Professor David O’Neal and the D.T.R.G have multiple projects recognised and highlighted by
the limbic, the premier medical news site.
Written by Mardi Chapman, these articles feature some projects highlighted at the American Diabetes Association Scientific Sessions 2023 as well as multiple other works. We are very proud of the work that all of our team and collaborators have put into these projects.
Mardi Chapman’s work can be found below
Diabetes devices: what patients really think
TYPE 1 DIABETES
By Mardi Chapman
19 Jul 2023
Most adult users of diabetes technology believe it is important for their glycaemic control and emotional wellbeing as well as convenient and user friendly, an Australian study has found.
A national online survey of 3,380 adults with type 1 diabetes and current or prior experience of insulin pump therapy (IPT), real time-CGM or intermittently scanned-CGM found almost all respondents (98.4%) felt their diabetes technology was “important” or “extremely important” in keeping their glucose levels in target range.
The study, published in Diabetes Research and Practice [link here], found a significant majority (92.7%) also felt it reduced both the severity and frequency of hypoglycaemia.
“The perception of those who have used IPT and CGM that these technologies facilitate better glycaemic management is consistent with the substantial body of evidence demonstrating improved glucose management in people living with T1D using such devices in clinical trials and cohort studies,” said the study authors, led by Diabetes Victoria project co-ordinator Meaghan Read.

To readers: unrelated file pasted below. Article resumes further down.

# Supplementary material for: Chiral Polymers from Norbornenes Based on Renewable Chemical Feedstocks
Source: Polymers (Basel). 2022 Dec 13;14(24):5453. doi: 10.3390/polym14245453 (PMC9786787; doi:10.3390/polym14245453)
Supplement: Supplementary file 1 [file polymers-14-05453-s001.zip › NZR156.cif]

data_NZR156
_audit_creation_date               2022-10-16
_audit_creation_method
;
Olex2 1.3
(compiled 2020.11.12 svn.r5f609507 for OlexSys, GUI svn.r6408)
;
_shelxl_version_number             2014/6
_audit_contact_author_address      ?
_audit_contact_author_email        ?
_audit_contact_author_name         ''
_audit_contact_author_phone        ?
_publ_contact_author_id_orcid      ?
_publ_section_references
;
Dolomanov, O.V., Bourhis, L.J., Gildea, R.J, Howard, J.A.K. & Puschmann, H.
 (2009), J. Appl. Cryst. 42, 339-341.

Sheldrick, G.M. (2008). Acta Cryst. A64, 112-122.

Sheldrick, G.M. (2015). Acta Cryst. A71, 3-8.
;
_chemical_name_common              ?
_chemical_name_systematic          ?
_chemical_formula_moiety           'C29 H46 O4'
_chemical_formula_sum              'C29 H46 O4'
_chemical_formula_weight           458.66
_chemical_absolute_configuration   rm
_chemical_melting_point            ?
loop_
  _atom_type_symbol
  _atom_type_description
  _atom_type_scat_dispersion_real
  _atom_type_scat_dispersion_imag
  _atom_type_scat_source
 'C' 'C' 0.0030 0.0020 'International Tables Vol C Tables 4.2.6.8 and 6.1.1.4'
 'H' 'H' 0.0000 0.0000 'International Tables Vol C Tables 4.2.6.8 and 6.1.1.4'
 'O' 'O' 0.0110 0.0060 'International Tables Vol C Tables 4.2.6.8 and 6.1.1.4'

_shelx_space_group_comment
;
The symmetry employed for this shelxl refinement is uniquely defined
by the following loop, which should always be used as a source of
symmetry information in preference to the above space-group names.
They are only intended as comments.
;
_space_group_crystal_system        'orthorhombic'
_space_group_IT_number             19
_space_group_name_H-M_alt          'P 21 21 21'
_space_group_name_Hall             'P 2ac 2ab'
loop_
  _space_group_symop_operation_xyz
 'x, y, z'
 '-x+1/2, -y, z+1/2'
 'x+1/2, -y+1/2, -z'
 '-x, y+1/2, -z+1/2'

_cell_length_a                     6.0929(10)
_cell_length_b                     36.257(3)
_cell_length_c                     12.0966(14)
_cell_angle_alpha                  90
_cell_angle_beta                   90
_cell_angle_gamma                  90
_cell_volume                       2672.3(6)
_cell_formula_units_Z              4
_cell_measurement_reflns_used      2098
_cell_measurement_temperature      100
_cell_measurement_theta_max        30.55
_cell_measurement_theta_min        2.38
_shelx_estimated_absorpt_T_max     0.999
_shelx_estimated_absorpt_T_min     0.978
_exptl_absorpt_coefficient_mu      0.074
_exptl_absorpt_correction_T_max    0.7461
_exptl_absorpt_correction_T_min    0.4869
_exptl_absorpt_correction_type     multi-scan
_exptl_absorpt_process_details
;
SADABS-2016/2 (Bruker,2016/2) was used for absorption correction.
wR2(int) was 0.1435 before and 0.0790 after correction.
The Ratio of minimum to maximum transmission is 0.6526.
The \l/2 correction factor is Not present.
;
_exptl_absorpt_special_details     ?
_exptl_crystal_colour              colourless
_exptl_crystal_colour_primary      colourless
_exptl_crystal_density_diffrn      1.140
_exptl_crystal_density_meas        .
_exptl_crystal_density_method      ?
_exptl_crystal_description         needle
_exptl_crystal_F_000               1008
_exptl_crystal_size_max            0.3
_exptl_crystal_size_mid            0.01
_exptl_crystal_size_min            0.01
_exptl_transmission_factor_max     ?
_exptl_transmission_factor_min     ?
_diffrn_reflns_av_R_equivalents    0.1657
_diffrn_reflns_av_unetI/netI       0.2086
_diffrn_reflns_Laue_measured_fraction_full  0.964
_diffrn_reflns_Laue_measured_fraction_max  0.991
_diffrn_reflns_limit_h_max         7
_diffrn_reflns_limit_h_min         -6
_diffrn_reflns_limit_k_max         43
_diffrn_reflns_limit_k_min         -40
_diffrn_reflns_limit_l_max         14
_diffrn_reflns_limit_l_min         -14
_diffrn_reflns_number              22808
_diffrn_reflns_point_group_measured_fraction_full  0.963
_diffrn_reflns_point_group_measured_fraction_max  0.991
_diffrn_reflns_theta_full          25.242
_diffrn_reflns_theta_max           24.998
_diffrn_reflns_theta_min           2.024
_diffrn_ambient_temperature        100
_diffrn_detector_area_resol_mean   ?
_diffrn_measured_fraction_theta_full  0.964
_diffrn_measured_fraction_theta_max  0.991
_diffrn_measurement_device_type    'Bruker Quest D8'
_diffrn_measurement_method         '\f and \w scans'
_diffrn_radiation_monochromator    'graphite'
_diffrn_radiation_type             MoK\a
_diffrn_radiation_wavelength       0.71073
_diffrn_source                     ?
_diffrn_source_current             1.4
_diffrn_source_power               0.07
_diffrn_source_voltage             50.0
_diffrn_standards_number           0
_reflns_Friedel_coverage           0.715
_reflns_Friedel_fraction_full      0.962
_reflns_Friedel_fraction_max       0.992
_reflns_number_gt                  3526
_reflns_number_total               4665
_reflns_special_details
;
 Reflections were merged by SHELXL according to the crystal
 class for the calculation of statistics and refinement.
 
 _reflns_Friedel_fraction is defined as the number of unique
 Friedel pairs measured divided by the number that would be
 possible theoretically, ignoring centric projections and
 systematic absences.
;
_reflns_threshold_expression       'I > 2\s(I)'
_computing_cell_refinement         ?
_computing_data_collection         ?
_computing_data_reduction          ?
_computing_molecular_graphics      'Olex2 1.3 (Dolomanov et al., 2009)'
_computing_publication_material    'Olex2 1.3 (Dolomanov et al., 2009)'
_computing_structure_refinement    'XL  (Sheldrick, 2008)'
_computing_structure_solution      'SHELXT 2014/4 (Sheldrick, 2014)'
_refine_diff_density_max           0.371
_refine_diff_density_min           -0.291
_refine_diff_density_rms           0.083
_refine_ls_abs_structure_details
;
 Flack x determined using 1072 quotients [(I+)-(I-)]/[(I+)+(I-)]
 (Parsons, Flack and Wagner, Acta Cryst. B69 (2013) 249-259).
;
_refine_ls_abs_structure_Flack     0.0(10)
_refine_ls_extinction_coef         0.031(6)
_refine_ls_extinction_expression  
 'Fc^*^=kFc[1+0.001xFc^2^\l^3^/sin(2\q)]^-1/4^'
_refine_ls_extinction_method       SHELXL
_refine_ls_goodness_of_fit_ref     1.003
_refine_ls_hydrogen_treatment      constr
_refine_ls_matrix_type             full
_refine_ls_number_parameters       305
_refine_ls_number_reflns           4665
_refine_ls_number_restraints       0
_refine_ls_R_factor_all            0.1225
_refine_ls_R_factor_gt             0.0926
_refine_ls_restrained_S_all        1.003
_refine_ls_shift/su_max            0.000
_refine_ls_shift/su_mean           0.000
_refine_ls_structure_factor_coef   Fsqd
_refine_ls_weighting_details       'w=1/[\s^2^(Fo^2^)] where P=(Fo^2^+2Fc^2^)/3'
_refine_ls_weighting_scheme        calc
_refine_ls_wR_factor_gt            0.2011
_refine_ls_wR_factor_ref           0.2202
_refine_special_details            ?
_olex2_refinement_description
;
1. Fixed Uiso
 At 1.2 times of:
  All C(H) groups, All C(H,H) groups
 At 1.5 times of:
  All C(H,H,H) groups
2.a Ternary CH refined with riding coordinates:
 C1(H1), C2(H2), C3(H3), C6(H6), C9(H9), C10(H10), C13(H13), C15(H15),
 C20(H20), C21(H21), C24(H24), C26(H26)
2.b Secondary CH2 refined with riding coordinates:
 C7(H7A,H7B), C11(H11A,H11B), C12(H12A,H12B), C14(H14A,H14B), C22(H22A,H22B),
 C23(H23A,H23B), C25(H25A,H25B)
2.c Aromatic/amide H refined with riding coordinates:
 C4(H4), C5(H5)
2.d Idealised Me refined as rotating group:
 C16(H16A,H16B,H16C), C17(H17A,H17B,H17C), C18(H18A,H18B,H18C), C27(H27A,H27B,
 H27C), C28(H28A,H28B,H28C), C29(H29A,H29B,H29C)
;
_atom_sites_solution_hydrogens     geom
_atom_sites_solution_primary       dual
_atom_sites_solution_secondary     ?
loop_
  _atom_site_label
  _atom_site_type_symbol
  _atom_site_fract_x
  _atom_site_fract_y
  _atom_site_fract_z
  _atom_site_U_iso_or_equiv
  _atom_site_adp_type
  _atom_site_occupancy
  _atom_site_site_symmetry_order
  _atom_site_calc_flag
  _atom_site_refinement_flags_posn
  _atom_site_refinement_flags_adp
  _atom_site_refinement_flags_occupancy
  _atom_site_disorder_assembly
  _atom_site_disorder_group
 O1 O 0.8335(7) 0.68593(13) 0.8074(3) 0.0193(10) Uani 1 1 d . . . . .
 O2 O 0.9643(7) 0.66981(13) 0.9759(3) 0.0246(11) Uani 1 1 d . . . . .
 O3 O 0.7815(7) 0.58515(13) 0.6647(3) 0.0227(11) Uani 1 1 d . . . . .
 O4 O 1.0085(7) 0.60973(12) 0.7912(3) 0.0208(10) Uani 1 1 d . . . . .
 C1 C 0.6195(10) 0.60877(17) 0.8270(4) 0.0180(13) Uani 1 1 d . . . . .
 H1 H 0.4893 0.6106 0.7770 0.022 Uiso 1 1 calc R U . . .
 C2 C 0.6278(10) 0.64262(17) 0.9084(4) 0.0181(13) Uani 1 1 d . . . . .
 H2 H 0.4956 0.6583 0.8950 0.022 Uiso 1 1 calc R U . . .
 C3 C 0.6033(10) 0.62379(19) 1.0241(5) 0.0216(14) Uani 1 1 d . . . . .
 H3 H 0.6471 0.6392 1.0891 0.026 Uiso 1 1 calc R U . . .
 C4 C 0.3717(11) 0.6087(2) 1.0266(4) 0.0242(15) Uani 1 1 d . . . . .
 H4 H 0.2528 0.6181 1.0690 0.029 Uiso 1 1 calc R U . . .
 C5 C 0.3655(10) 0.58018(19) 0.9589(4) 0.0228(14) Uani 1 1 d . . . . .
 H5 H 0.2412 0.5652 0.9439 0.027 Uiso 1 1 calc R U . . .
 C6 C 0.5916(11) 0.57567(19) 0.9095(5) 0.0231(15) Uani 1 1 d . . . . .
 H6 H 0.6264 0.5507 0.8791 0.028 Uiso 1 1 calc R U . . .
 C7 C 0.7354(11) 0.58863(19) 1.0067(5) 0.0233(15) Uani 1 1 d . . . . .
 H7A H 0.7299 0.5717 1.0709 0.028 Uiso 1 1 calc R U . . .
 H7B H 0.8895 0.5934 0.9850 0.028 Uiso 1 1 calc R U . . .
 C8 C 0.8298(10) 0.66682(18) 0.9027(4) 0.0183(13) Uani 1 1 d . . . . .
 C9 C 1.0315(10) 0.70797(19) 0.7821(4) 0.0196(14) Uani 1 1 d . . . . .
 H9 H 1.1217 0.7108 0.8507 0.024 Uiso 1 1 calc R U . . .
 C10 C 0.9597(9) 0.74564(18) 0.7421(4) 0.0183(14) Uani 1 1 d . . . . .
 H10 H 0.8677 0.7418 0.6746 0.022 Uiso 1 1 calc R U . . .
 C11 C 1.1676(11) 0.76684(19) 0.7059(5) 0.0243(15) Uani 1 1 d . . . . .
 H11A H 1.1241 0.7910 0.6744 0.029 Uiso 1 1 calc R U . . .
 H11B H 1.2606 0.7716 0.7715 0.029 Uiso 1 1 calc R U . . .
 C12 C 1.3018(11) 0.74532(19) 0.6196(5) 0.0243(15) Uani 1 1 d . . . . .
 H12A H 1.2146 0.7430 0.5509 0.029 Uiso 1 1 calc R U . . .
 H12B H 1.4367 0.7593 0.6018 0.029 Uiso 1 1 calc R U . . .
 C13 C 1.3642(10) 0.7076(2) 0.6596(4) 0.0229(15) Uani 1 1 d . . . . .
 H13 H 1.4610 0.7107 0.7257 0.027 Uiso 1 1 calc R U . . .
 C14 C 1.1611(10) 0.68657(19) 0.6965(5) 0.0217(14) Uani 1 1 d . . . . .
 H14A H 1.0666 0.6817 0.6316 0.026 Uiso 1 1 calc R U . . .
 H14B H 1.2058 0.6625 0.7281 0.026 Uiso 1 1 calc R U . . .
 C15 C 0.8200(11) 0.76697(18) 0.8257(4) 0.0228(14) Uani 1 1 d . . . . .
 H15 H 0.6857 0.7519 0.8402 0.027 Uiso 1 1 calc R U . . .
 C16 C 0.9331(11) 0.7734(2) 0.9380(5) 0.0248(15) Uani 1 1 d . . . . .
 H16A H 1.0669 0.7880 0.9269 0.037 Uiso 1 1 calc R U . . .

“Technology was also perceived as “important” or “extremely important” for maintaining happiness (87.2%), facilitating physical activity (86.8%), socialising with friends (76.4%), and for dietary freedom (73.1%),” according to the research team that included Professor David O’Neal, Director of the Diabetes Technology Research Group at the University of Melbourne.
As well, >85% of respondents indicated that their emotional well-being was “better” or “much better” since using the devices.
Most respondents indicated that the devices were “convenient”, “reliable” and “easy to use”.
CGM devices were rated as “comfortable to wear” by >65% of CGM users while the majority of insulin pump users did not find their device comfortable.
As reported recently in the limbic [link here], tubeless patch pumps may be less intrusive and provide a greater degree of comfort for some users in the future.
There was some indication that more information would aid informed choice and device selection however most users (>80%) felt they were able to access sufficient training in device use.
Diabetes nurse educators, other diabetes technology users and endocrinologists were the preferred providers of such training – well ahead of industry professionals, GPs, pharmacy staff and dieticians.
The study authors said information about devices was often tailored for healthcare professionals.
“Typically, they require a relatively high level of reading skill and health literacy. This affirms the need for non-partisan, cost-free, resources detailing the pros and cons and performance of commercially available devices in a consumer-friendly format,” they said.
Respondents strongly disagreed that the devices were affordable.
“It should be noted that the survey was implemented prior to July 2022, when RT-CGM and isGM were only subsidised for a minority of adults with T1D. Since July 2022 this subsidy has been extended to the entire Australian T1D population, which would be expected to have a substantial favourable impact on perceptions regarding accessibility of CGM devices,” the authors advised.
The study was funded with support from Diabetes Technology Research Group at the University of Melbourne.
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